Choose Bottled Bliss or Osmosis? Compare Costs Now

case of bottled water in a box

In the quest for clean and safe drinking water, many households face a choice: continue buying bottled water or invest in a reverse osmosis (RO) system. This blog post aims to compare the costs of both options, helping you make an informed decision.

Understanding Reverse Osmosis Systems

Reverse osmosis is a water purification process that removes contaminants from water by using pressure to force water molecules through a semipermeable membrane. RO systems can be installed under a sink or throughout a home’s water system.

Initial Cost and Installation

  • Bottled Water: There’s no installation cost, but the price per bottle can vary widely depending on the brand and volume.
  • RO System: The initial cost includes the purchase of the unit and installation. Prices vary based on the system’s complexity and capacity.

Long-Term Costs

  • Bottled Water: This ongoing cost can add up quickly. For example, if a family spends $5 per day on bottled water, that’s about $1,825 per year.
  • RO System: After the initial investment, the main costs are filter replacements and minor maintenance. Depending on the system, filter changes might be needed every 6 to 12 months, averaging around $50 to $200 annually.

Environmental Impact

  • Bottled Water: The environmental cost of plastic bottles is significant, contributing to plastic waste and requiring energy for production and transportation.
  • RO System: An RO system has a much lower environmental impact once installed, reducing the reliance on plastic bottles.

Quality of Water

  • Bottled Water: The quality can vary, and it’s not always superior to tap water.
  • RO System: These systems consistently provide high-purity water, removing a wide range of contaminants.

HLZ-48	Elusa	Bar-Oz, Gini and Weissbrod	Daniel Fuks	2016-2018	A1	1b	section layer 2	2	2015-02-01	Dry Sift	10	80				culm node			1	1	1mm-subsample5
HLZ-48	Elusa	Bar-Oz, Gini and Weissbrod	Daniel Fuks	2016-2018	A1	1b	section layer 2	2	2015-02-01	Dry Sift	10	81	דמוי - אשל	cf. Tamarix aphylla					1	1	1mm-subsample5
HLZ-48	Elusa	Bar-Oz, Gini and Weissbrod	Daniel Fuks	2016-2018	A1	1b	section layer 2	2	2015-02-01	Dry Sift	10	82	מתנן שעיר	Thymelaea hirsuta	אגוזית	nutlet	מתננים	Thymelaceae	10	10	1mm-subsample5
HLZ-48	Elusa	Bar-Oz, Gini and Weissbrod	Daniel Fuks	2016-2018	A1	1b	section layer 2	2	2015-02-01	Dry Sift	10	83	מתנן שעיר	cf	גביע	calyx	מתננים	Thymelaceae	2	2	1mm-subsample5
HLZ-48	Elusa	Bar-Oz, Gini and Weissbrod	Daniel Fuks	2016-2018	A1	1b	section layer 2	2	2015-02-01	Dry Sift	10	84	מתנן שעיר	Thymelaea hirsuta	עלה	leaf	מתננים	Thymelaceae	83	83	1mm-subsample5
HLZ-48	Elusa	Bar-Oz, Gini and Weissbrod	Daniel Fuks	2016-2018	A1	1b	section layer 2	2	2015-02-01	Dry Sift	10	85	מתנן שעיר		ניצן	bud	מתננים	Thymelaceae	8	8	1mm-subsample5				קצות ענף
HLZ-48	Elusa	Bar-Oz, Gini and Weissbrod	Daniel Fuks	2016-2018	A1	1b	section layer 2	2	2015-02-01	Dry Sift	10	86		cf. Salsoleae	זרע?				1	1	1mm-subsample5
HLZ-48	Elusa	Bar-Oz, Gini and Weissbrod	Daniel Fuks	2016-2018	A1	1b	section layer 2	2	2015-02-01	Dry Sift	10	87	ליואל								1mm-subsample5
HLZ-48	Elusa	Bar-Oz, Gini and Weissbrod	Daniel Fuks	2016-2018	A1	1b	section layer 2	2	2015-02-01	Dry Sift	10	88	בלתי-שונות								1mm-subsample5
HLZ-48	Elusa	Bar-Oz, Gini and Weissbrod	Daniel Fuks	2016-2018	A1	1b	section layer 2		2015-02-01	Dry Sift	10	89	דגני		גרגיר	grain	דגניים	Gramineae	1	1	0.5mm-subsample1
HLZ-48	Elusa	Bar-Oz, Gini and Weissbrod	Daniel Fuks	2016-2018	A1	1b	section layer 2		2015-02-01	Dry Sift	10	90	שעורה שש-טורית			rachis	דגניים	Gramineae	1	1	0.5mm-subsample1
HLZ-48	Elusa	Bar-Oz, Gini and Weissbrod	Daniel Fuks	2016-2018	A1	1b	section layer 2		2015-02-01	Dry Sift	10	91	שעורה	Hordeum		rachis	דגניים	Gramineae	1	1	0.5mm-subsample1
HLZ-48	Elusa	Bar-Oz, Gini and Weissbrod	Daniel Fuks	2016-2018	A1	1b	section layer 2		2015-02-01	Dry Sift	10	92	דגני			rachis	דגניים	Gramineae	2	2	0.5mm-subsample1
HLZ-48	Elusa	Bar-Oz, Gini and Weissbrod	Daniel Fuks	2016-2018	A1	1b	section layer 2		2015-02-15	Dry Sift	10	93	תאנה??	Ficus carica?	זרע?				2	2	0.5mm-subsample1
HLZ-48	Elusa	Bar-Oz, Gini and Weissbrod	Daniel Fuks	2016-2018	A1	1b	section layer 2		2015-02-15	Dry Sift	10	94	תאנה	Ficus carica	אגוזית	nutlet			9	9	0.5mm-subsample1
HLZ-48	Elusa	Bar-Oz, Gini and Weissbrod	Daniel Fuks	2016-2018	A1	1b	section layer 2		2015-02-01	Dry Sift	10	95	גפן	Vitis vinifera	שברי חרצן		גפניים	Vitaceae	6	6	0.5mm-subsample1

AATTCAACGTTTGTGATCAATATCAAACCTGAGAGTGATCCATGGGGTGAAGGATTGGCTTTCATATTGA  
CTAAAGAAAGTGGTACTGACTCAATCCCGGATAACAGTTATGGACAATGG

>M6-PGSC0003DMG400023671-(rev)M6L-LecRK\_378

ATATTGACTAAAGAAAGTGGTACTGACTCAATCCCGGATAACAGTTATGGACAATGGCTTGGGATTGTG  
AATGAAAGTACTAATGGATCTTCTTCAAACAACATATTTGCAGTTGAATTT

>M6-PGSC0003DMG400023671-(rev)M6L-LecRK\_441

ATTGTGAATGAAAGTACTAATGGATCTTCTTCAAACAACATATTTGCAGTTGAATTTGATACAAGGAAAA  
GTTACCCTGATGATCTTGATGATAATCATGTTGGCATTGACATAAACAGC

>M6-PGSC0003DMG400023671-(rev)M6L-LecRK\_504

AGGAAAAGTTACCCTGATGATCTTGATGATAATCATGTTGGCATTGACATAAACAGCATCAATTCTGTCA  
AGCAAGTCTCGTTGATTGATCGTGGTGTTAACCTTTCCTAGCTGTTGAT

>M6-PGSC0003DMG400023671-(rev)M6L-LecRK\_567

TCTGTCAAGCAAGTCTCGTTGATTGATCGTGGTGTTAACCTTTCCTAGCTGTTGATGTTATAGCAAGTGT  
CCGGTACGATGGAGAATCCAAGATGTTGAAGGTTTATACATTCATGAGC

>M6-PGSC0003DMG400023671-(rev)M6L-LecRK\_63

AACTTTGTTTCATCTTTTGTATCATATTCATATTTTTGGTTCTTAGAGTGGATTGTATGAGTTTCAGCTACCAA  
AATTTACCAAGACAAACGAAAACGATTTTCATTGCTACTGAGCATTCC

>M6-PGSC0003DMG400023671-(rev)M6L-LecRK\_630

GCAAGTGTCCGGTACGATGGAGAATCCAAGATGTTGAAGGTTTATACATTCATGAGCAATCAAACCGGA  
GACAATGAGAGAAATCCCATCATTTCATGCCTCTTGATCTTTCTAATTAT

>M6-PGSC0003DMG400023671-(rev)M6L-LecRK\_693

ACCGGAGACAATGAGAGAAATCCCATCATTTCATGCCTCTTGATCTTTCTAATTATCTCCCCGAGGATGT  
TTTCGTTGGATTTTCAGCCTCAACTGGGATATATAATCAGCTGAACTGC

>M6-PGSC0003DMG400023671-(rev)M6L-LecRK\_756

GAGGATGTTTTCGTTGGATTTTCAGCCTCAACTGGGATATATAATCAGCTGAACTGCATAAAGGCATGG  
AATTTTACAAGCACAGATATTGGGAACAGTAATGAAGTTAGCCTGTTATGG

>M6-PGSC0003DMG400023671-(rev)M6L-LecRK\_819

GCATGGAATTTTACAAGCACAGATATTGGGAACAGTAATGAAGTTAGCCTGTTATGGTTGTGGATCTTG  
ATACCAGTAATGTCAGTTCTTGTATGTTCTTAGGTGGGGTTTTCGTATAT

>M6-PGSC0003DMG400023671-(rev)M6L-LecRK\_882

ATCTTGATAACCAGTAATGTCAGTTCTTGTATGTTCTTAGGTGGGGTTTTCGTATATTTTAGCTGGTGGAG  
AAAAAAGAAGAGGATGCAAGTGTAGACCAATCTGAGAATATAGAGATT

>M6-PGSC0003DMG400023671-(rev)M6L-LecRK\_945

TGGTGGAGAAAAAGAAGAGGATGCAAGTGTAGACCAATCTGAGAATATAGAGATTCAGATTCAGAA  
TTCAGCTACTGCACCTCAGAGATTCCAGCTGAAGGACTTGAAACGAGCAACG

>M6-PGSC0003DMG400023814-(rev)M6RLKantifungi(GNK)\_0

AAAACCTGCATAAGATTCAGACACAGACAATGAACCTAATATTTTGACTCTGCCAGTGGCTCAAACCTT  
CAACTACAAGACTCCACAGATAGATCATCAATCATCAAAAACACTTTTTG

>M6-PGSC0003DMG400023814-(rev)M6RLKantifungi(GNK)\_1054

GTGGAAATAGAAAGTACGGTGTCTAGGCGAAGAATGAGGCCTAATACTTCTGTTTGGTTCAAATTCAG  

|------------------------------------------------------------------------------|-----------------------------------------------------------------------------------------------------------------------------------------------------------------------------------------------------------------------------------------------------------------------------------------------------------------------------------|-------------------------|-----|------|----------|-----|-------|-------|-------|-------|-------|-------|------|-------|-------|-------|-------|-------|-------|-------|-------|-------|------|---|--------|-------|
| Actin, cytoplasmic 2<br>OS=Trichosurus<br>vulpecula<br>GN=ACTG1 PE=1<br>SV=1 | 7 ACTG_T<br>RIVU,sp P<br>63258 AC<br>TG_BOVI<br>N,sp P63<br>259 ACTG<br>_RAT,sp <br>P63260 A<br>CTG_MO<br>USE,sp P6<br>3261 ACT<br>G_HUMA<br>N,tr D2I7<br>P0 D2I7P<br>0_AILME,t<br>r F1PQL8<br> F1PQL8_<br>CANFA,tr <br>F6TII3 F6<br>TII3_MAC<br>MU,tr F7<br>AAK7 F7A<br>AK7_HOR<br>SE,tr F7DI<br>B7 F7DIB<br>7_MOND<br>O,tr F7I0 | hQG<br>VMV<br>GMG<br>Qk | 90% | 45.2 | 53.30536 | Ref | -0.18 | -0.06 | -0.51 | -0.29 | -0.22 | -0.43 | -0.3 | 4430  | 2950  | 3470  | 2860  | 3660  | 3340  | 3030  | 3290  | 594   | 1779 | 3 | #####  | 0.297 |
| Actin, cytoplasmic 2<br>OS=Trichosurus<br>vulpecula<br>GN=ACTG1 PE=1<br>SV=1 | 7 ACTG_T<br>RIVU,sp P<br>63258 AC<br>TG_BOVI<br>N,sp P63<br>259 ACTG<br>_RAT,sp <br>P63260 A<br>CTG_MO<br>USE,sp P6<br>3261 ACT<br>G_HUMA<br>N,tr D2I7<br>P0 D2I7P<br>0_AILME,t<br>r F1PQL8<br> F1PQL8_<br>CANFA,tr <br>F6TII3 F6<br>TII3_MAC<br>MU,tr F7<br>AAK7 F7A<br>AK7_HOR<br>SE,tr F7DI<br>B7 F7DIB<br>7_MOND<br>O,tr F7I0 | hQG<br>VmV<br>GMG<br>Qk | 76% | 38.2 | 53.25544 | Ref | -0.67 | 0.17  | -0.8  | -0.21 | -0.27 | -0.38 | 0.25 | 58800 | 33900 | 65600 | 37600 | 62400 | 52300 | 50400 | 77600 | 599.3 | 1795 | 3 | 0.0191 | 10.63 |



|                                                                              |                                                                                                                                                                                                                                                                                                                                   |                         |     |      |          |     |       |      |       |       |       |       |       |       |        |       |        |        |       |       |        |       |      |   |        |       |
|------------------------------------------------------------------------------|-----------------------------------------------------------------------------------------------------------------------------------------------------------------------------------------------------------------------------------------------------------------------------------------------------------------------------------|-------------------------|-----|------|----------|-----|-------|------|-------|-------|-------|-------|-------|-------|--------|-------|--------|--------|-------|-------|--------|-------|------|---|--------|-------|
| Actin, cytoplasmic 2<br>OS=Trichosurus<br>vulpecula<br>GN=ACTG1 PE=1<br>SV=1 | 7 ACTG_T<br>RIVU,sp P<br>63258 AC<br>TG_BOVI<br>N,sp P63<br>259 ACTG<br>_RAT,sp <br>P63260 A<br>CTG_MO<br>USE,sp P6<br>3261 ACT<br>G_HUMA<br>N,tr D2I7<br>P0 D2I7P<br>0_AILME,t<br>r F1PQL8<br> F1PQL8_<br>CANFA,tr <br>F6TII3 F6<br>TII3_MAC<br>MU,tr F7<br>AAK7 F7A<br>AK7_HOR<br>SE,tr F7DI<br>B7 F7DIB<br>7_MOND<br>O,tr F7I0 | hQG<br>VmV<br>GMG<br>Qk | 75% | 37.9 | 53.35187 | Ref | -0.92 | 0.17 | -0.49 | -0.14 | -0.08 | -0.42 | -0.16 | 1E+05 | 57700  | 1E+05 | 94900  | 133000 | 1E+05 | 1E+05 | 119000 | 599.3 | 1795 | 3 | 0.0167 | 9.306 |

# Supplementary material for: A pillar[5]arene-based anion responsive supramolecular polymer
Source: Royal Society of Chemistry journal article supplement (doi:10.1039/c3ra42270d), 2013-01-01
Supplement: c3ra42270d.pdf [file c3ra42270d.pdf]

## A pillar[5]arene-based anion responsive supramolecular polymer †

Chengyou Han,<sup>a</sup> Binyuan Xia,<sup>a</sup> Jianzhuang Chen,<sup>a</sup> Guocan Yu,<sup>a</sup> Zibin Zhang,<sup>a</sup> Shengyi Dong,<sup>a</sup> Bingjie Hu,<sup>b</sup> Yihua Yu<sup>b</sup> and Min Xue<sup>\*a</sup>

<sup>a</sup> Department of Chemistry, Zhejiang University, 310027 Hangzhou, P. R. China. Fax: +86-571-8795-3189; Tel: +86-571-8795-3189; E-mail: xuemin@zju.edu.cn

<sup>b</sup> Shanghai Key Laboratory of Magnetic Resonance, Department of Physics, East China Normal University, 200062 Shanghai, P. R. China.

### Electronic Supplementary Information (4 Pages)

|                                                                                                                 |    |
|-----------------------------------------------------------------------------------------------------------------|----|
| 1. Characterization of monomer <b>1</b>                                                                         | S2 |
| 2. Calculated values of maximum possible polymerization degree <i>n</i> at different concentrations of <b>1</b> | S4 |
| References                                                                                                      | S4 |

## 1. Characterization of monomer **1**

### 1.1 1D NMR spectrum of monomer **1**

Convenience

  • Bottled Water: It’s convenient but involves regular shopping trips and storage.
  • RO System: Offers the convenience of purified water straight from the tap.

Space Considerations

  • Bottled Water: Requires storage space, which can be significant in large quantities.
  • RO System: Takes up under-sink space but saves on storage.

Health Considerations

  • Bottled Water: Some concerns have been raised about chemicals from plastic bottles leaching into water.
  • RO System: Provides clean water without the risk of plastic contamination.

Conclusion

When comparing bottled water to a reverse osmosis system, the RO system generally proves to be more cost-effective in the long run. Additionally, it offers environmental benefits, consistent water quality, and convenience. While the upfront cost of an RO system is higher, the long-term savings, both financially and environmentally, can be significant.

If you’re considering making the switch, think about your household’s water consumption, budget, and space. Remember, investing in an RO system is not just a financial decision but also a step towards sustainable living.

Have you made the switch from bottled water to an RO system? Share your experiences in the comments below!

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